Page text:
Wednesday, June 18, 2014

Costume drama comes to "The Whitest Block Ever" and "AFOS Prime" in the corseted form of selections from Rachel Portman's Belle score

Gugu Mbatha-Raw and Sarah Gadon sit patiently between takes at the shoot of Falco's 'Rock Me Amadeus' video.
I haven't seen Belle yet, but I intend to do so either soon or via Netflix when it hits Blu-ray because it received mostly positive reviews. Jane Austen-type material usually makes my eyes glaze over. But my lack of interest in Austen-type costume dramas suddenly disappears when the star of the film is beautiful Gugu Mbatha-Raw (her first name is, by the way, short for "Gugulethu," which means "our pride" in Zulu), who was the main reason why the failed spy show Undercovers was briefly worth watching, and when the subject matter--the abolitionist movement--is told from a black woman's perspective for a change and is written and directed by black filmmakers.

Belle also happens to be the type of film I like to spotlight during "The Whitest Block Ever" on AFOS: a quality work (or in the cases of Justin Lin's Fast and the Furious sequels or Rusty Cundieff's Tales from the Hood, an enjoyable B-movie) made by a director of color. In Belle's case, the director of color is female: Amma Asante, a former child actor from British TV who made the transition to filmmaking. Belle is Asante's second feature film, and it's the story of a real-life figure, 18th-century British aristocrat Dido Elizabeth Belle, the illegitimate daughter of a British admiral and an African slave.

Amma Asante was a child actor who appeared on the British kids' show Grange Hill. I have no idea what Grange Hill is outside of a couple of references to it during Spaced. I bet Grange Hill is like their Ghost Writer, but set at a fish and chip shop.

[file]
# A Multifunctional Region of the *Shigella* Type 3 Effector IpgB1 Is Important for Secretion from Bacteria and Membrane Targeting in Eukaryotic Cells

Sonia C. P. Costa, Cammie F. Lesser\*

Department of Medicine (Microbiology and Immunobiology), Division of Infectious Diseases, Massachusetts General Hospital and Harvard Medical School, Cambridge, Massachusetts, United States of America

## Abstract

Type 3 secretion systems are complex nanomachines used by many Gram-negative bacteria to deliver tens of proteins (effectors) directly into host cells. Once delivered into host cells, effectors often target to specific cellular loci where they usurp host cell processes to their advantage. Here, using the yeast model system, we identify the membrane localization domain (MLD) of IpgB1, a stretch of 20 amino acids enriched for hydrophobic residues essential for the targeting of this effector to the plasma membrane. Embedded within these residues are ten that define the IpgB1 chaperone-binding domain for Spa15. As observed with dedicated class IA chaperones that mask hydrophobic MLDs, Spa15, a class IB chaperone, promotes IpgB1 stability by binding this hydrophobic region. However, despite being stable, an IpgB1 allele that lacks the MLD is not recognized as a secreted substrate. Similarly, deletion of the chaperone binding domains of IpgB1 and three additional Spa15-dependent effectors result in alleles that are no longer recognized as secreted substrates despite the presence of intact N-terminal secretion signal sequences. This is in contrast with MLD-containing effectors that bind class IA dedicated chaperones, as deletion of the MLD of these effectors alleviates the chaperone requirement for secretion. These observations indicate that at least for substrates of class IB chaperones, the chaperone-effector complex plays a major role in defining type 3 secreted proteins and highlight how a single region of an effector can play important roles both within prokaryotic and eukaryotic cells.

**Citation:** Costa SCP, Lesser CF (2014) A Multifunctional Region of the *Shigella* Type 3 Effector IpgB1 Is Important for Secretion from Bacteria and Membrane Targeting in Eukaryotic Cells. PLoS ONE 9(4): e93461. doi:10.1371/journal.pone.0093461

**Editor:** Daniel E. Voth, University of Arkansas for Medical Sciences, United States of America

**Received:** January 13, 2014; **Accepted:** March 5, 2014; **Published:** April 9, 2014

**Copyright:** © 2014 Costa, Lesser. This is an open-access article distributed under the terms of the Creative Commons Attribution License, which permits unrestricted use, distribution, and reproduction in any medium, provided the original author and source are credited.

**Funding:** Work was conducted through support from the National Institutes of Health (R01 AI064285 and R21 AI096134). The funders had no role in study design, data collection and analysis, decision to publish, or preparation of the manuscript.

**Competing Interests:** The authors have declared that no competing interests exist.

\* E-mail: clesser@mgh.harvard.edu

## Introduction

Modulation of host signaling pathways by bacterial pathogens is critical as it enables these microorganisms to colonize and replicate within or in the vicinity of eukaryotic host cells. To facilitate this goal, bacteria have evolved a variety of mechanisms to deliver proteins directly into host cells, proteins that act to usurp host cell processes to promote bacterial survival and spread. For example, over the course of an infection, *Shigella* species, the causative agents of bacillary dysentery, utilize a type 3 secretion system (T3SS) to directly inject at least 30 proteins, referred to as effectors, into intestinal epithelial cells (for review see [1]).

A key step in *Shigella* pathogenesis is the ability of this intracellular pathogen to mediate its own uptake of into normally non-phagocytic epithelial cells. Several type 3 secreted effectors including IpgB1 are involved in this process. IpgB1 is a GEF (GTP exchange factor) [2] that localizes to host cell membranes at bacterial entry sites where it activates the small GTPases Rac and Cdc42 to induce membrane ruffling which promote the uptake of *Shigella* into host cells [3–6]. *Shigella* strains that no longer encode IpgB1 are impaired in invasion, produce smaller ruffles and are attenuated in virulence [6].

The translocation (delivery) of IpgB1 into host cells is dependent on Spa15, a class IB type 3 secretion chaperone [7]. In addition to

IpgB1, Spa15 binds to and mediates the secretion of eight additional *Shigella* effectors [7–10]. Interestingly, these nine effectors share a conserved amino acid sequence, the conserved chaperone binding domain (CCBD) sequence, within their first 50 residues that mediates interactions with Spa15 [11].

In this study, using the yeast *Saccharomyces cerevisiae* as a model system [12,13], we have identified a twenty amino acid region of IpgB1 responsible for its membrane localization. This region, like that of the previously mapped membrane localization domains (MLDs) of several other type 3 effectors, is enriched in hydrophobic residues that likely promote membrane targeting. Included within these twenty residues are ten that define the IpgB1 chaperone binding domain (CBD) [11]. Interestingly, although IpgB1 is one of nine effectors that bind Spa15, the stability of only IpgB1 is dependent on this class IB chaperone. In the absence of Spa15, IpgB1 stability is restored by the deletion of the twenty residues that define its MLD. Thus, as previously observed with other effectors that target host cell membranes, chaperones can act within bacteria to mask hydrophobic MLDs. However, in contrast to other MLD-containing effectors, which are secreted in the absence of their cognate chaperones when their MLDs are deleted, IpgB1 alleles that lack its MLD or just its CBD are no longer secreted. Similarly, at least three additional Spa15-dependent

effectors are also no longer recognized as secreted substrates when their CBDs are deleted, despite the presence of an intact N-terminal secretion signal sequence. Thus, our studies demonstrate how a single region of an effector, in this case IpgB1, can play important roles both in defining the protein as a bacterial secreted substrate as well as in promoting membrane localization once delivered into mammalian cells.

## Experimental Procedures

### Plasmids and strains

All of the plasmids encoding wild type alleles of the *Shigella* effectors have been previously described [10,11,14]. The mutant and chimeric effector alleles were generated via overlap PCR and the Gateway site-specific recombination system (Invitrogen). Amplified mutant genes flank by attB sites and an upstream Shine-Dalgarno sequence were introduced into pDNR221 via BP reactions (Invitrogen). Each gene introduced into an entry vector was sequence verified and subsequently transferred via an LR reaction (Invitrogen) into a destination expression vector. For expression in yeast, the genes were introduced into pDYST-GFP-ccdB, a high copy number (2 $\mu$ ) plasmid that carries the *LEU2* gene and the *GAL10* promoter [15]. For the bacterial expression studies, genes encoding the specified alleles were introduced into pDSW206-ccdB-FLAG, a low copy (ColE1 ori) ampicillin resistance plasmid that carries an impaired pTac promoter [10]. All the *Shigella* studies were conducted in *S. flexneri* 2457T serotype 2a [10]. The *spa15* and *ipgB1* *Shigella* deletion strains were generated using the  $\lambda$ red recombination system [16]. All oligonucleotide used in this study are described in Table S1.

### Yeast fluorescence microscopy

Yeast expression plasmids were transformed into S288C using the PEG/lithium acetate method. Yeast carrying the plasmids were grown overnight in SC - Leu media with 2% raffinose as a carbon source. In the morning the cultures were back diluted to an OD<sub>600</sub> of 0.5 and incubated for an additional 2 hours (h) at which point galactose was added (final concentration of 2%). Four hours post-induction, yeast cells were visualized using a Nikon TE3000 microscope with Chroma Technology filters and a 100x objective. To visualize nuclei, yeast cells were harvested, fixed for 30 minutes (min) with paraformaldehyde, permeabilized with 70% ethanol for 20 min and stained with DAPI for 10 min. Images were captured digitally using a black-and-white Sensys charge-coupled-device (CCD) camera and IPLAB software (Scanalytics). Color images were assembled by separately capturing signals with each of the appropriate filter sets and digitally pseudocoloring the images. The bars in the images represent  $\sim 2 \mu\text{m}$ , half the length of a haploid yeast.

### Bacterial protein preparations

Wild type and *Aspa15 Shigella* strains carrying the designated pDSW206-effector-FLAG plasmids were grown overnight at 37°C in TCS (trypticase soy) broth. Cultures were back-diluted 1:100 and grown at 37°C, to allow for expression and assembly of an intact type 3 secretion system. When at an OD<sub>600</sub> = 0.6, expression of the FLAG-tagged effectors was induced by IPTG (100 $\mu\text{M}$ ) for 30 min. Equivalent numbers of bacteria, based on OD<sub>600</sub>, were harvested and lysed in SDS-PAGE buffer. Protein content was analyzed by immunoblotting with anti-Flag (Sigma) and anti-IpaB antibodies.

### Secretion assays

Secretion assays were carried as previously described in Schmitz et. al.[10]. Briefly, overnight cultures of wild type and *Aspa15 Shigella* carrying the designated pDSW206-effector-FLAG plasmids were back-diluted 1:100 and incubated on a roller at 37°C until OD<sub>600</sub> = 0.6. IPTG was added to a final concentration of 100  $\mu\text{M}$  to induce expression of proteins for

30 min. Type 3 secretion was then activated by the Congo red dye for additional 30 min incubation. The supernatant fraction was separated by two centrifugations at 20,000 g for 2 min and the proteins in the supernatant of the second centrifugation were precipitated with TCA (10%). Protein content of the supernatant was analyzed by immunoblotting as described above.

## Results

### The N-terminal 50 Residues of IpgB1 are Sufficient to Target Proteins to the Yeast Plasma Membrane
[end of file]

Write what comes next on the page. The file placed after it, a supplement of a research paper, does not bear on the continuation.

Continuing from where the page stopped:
Amma Asante
"Last year saw a flurry of high-profile films with (male) black protagonists (12 Years a Slave, Mandela, Fruitvale Station, The Butler and 42), and the wonderful thing about Asante's carefully constructed film is that it's not a story grounded in black suffering," wrote film critic Inkoo Kang.

When Super Fuzz saw this red piano, he lost his super powers.
Rachel Portman
I've listened to Rachel Portman's Belle score before seeing the film. It's Portman at her Sirens/Cider House Rules-ish best, so I'm adding selections from her Belle score to rotation for "The Whitest Block Ever," "AFOS Prime" and "New Cue Revue." I occasionally like to check in on "The Whitest Block Ever" or "AFOS Prime" and hear what the Live365 server is shuffling during those blocks. It'll be a trip to suddenly hear what's basically PBS Masterpiece in the middle of all those block-rocking action flick cues and swaggering, contemporary theme tunes during "The Whitest Block Ever."

Belle is Asante's attempt to prove that filmmakers of color can pull off the corset dramas too. As the BAFTA Award-winning Austen fan told Kang, "The idea of restricting us--'OK, you guys are great at urban movies. You guys are great at comedies'--I wanted to show how shallow that view is."

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